(v. 6) “For the Lord disciplines the one he loves, and chastises every son whom he receives.”
These difficulties are a mark of God’s care and concern for them as His children. Therefore, the author says, you must endure it.
(v. 7) “It is for discipline you must endure.”
Endurance is necessary for the discipline to be effective. Part of the discipline is the waiting, the trusting God in the midst of difficulty. If you seek to short circuit what God is doing in your life or you don’t seek to learn from it or you run from it, the discipline the Lord is trying to bring to your life, the growth He seeks for you, as His child, won’t happen.
It is for discipline you must endure.
He closes out this section with a sobering thought and a dire warning: If you’re not being disciplined, you don’t belong to the Lord.
When the Bible tells us that something is the mark of an unbeliever, we need to listen up because it’s important.
(v. 8) “If you are left without discipline, in which all have participated, then you are illegitimate children and not sons.”
Let that sink in a minute. If my Christian life makes no demands on me, does not stretch me and is always problem free I might not be truly converted. And while I don’t think we can say because we’ve had lots of difficulty we’re believers, based on what the author says here, if we are not experiencing the discipline of the Lord either positively as training or negatively as chastisement and rebuke when necessary, it’s a sign we’re not converted.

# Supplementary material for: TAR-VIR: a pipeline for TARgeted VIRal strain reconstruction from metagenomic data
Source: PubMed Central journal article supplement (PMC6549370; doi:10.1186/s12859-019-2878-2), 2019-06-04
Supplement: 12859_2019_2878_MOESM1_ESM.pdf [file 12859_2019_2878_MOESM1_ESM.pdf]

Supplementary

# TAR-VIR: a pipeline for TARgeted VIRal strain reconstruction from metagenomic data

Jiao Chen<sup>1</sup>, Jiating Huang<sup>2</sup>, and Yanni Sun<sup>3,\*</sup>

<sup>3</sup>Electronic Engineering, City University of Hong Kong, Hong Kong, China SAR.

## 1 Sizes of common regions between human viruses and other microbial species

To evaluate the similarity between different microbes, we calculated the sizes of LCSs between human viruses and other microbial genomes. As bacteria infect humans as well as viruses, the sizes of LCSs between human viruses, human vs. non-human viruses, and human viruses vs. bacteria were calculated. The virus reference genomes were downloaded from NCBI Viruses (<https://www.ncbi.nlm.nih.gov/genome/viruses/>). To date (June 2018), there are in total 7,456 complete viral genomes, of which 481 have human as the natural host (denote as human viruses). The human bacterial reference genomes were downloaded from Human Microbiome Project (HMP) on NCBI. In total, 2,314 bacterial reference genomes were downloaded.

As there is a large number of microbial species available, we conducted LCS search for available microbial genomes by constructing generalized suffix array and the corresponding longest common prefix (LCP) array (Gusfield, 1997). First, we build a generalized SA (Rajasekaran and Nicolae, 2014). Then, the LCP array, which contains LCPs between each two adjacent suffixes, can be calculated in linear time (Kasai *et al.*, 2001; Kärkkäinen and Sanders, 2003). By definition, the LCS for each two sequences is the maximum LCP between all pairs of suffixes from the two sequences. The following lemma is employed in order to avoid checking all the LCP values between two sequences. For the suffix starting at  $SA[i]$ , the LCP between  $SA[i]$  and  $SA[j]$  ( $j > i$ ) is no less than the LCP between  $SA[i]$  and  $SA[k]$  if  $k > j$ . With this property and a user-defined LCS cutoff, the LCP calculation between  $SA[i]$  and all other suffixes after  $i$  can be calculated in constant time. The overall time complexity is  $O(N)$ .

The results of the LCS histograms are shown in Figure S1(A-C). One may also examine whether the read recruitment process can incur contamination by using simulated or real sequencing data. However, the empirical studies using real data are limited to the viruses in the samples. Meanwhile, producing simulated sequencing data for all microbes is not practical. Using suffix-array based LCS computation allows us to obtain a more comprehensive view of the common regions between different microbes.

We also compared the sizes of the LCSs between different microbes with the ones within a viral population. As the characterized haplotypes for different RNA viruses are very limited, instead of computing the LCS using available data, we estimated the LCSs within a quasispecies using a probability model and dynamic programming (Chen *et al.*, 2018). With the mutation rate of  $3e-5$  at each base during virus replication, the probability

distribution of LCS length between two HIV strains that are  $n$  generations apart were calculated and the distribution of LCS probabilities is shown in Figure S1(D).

A friend of mine once told me “The most dangerous place you can be is involved in sin and experiencing no adverse consequences for it.”
In other words, if I’m not being chastised for my sin, if I’m not experiencing negative consequences of my sin, if I can just sin with impunity and be fat and happy about it, or even worse, proud of it, it’s because the Lord does not consider me His son or daughter and He’s therefore not taking the time to discipline me.
If someone tells you the Christian life is a life of health and wealth and ease and the only reason you don’t experience those things is your lack of faith or your lack of positive thinking or speaking good things into existence run from them, they’re a false teacher.
In this life you will have trials Jesus told His followers. If it was true for Him it will be true for us. Thankfully for believers those trials are not random purposeless things but tools a loving Father uses to mold us into the likeness of Christ.